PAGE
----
poetry Our Aquarium
My students, now out of prison,
attend school seven floors above Skid Row.
They ask if I’ve fed the fish.
Our class mascot, a scarlet Betta,
dances for us like a Geisha, sinks gently
to the bottom of the aquarium
spreading his silky robes.
Dime-store tropicals sold in eight-ounce cups—
it’s a myth that Bettas thrive in small containers.
The toxicity builds quickly. They drown
in their own ammonia. I give our fish
a four-gallon heated tank,
ornamental ferns, a dark green algae ball
from a lake in Japan.
A leaf suspended like a hammock
lets him rest near the surface, suckle air,
blow bubble nests with saliva.
Bettas thrive in the rice paddies of Thailand,
puddle jump, burrow in mud,
with their lung-like labyrinth
they could live in spit.
Betta fights are blood sport in Asia—
two males in a tank, bets made
on who will live. In nature the males
can retreat, swim away.
My students insist our fish is lonely,
no safe roommate for a Betta, they must live alone.
Males with no escape will fight to the death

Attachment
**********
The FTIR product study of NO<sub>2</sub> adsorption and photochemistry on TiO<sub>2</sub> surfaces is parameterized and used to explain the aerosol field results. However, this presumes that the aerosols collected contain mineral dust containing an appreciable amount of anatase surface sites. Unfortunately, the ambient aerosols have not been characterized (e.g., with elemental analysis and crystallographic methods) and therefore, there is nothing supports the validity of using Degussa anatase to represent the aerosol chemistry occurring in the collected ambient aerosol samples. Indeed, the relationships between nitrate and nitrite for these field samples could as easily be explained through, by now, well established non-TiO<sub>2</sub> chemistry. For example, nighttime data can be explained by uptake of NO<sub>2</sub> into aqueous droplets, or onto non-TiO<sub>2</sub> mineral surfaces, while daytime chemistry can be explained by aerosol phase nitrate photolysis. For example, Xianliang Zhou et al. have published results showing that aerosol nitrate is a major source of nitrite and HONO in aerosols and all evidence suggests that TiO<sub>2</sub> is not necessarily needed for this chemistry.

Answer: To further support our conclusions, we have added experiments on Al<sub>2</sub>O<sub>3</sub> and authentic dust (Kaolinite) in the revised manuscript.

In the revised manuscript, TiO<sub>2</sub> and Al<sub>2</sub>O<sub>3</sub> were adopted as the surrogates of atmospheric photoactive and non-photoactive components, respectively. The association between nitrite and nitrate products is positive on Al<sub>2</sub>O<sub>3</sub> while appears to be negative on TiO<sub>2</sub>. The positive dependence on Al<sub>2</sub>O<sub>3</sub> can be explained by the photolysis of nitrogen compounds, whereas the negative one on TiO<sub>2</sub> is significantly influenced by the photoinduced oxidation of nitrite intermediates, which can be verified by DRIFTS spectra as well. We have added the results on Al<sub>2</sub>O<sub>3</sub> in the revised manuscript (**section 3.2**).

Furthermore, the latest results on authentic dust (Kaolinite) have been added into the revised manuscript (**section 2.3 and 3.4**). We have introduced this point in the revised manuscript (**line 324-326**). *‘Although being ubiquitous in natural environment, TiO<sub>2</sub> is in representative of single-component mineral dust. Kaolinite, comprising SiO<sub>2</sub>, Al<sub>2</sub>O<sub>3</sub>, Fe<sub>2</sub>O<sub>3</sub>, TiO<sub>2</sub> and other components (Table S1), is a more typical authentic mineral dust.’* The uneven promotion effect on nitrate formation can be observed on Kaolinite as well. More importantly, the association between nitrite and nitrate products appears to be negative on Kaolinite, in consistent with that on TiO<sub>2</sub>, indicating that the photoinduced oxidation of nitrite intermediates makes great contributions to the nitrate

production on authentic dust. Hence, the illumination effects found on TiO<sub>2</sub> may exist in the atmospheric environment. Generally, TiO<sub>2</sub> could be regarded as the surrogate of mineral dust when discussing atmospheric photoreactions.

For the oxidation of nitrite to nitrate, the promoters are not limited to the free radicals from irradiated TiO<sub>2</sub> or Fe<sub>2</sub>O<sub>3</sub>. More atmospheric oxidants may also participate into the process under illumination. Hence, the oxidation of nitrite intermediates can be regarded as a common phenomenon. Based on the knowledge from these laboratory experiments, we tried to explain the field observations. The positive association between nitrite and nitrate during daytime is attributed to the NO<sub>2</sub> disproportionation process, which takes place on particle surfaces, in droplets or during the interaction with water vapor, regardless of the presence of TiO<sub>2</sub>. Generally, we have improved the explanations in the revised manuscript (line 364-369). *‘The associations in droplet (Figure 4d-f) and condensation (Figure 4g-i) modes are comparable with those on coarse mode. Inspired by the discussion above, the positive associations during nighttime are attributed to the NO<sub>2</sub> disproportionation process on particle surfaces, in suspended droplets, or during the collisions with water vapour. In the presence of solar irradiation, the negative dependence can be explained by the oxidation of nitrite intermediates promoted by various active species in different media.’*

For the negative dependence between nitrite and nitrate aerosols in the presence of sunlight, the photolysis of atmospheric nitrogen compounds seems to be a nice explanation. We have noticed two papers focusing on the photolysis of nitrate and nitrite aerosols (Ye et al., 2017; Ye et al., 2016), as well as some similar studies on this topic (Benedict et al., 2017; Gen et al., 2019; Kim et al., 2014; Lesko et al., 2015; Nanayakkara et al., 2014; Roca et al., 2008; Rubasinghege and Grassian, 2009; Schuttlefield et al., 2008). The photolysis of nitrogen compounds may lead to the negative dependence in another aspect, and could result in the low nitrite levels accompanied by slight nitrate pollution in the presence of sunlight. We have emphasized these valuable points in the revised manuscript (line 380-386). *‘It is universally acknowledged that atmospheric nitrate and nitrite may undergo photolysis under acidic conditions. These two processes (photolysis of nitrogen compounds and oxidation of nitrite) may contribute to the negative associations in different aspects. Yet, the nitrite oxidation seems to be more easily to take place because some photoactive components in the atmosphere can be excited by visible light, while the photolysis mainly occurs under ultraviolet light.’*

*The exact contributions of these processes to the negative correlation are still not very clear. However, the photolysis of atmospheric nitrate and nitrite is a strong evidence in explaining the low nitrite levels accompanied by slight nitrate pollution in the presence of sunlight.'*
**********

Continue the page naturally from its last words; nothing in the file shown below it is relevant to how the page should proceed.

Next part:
Some of my students spent years
in solitary confinement, thought too dangerous
to house with others, came up for air
only to walk the yard. After release
they’re still tortured by artificial light,
stainless latrine and cinderblock.
They can’t bear the solitary fish.
Bonnie S. Kaplan is a longtime teacher of adults in the California corrections system. She currently works in Downtown Los Angeles at the Weingart Center in a transitional housing and drug rehabilitation program where she helps parolees prepare to re-enter the community. Kaplan’s poems are published in Adrienne Rich: A Tribute Anthology, This Assignment is So Gay: LGBTIQ Poets on the Art of Teaching, *82 Review 2.2, Cultural Weekly and Out of Sequence: The Sonnets Remixed. More work can be found at bonnieskaplan.com